Addressing the district administrators and principals, Do said, “I ask you to listen a little harder to the things that are not said. Sometimes you might need to read between the lines and recognize the possibility that employees might be telling you what they think you want to hear.”
To the teachers, Do said, “Be more candid about the challenges you face, and about challenges that directly impact the quality of the education you are able to provide.”
To the district's students, Do said, “Challenge yourselves to be the best you can be. Do not ever be intimated by fear you cannot keep up with the next student. Above all, be kind. Care about each other. Stand up for each other. I will never stop rooting for you and the wonderful adults you will become. If you want to dance, then dance.”
Do left the room as the board and audience stood to applaud her.
About an hour of the meeting was devoted to presenting the District Achievement Report, which featured principals Jim Conley, Tim Hoffman, Clif Beaver, Steve Dissinger and Shawn Dutkiewicz speaking about 2014-15 PSSA results, and their goals going forward. The full report is posted on the district's website (www.ucfsd.org, under the Board Docs link).
While there were some declines in test scores scattered throughout grades 3 to 8, Rock was quick to come to the defense of the schools. “I am not alarmed by the decline in proficiency results as seen in these test scores,” he said. “They reflect the fact that the Pennsylvania PSSA like almost every other standardized test that came into being under No Child Left Behind. They were initially designed with a low bar and a low proficiency standard. It was done deliberately so that schools and states would look good. When Pennsylvania started, it had a really low bar. And what it's been doing over time is raising that bar. And that was raised partly by Common Core.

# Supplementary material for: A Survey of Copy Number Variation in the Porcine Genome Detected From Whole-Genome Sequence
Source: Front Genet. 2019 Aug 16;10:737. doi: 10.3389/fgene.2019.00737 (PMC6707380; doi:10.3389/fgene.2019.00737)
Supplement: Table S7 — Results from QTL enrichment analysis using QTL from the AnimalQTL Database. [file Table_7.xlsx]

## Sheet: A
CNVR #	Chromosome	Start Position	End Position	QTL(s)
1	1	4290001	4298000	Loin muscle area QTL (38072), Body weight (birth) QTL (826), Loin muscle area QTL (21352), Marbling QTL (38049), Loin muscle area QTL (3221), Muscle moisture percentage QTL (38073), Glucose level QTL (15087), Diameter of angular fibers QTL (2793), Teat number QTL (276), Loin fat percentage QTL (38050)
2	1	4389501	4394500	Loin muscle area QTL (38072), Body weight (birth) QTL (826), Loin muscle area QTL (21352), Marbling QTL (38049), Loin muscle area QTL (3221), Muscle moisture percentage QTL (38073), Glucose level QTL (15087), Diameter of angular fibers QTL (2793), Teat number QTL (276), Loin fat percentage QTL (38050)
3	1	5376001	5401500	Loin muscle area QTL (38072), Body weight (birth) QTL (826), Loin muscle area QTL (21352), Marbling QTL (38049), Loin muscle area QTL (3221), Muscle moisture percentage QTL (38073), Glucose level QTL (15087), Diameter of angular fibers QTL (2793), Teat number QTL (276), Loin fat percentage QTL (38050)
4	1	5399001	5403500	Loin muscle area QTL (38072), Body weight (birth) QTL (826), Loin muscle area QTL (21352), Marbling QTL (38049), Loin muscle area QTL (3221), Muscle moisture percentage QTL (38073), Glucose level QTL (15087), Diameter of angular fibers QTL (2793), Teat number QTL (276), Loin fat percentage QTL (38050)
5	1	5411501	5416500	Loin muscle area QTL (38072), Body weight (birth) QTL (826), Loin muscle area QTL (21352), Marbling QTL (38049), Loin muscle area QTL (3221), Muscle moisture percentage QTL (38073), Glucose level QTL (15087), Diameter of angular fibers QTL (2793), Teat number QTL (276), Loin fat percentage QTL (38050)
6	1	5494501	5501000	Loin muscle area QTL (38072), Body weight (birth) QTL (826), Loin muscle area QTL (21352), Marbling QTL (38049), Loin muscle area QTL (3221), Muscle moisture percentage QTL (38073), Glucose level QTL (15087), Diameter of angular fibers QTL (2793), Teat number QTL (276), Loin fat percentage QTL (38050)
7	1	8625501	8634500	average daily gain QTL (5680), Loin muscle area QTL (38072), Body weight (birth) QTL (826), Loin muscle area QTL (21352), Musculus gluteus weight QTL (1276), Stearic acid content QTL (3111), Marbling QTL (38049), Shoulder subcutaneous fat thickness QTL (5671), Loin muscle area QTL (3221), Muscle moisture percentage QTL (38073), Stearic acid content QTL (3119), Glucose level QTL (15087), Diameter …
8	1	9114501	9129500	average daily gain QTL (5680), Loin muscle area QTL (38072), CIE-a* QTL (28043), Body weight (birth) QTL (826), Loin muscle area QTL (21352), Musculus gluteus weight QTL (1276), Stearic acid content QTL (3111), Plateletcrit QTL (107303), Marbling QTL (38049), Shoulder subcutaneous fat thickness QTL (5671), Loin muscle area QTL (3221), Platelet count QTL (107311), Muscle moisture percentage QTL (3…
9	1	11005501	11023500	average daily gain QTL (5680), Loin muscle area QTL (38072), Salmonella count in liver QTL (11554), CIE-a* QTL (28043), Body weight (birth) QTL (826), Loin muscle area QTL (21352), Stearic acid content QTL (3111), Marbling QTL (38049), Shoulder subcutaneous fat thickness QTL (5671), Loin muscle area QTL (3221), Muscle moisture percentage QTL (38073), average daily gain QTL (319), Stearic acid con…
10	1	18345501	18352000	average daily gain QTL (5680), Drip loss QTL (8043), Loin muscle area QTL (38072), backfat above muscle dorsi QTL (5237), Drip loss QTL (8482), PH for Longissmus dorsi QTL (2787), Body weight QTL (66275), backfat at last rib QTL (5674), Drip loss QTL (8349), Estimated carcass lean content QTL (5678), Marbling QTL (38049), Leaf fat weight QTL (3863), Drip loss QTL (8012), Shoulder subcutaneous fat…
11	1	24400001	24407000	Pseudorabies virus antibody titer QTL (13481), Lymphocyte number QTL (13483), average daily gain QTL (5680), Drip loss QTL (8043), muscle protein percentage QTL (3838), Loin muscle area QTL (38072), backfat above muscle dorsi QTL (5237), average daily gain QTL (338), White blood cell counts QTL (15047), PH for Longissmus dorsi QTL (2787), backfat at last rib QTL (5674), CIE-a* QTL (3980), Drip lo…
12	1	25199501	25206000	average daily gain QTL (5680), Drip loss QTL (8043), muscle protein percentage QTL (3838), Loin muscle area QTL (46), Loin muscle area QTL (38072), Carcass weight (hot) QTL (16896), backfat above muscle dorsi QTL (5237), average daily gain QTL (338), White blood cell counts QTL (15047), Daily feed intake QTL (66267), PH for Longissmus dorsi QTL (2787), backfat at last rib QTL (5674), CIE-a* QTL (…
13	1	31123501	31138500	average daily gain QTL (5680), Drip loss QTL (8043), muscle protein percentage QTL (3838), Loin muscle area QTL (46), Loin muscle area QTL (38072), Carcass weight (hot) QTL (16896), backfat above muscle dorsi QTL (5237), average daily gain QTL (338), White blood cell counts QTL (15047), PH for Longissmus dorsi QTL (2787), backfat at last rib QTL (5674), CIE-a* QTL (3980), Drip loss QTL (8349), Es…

“The states deliberately gamed the system to make us all look good,” Rock said. “Now they're fixing it. It's OK -- if you're a proponent of high-stakes tests, you should be pleased by these results. Those of us who have followed No Child Left Behind know that those tests were never meant for us. They were meant to provide negative and positive incentives to low-performing schools and districts. As far as I know, we don't have any low performing schools. As a result, our teachers are trapped in a testing system that was never designed for us. I also know there's nothing we can do right away. Given the fads in education, this too shall pass.
“My fear is that we do less with engaging kids in creative stuff because we're trapped in a testing system that pushes us in a direction that was never designed for us,” Rock said. “And it takes up an enormous amount of energy. My hope is that we, the school board, can take the same time and energy that we did this evening to explore the great things that our students and teachers do that don't have a damn thing to do with standardized tests.”
To contact Staff Writer John
Chambless, email firstname.lastname@example.org.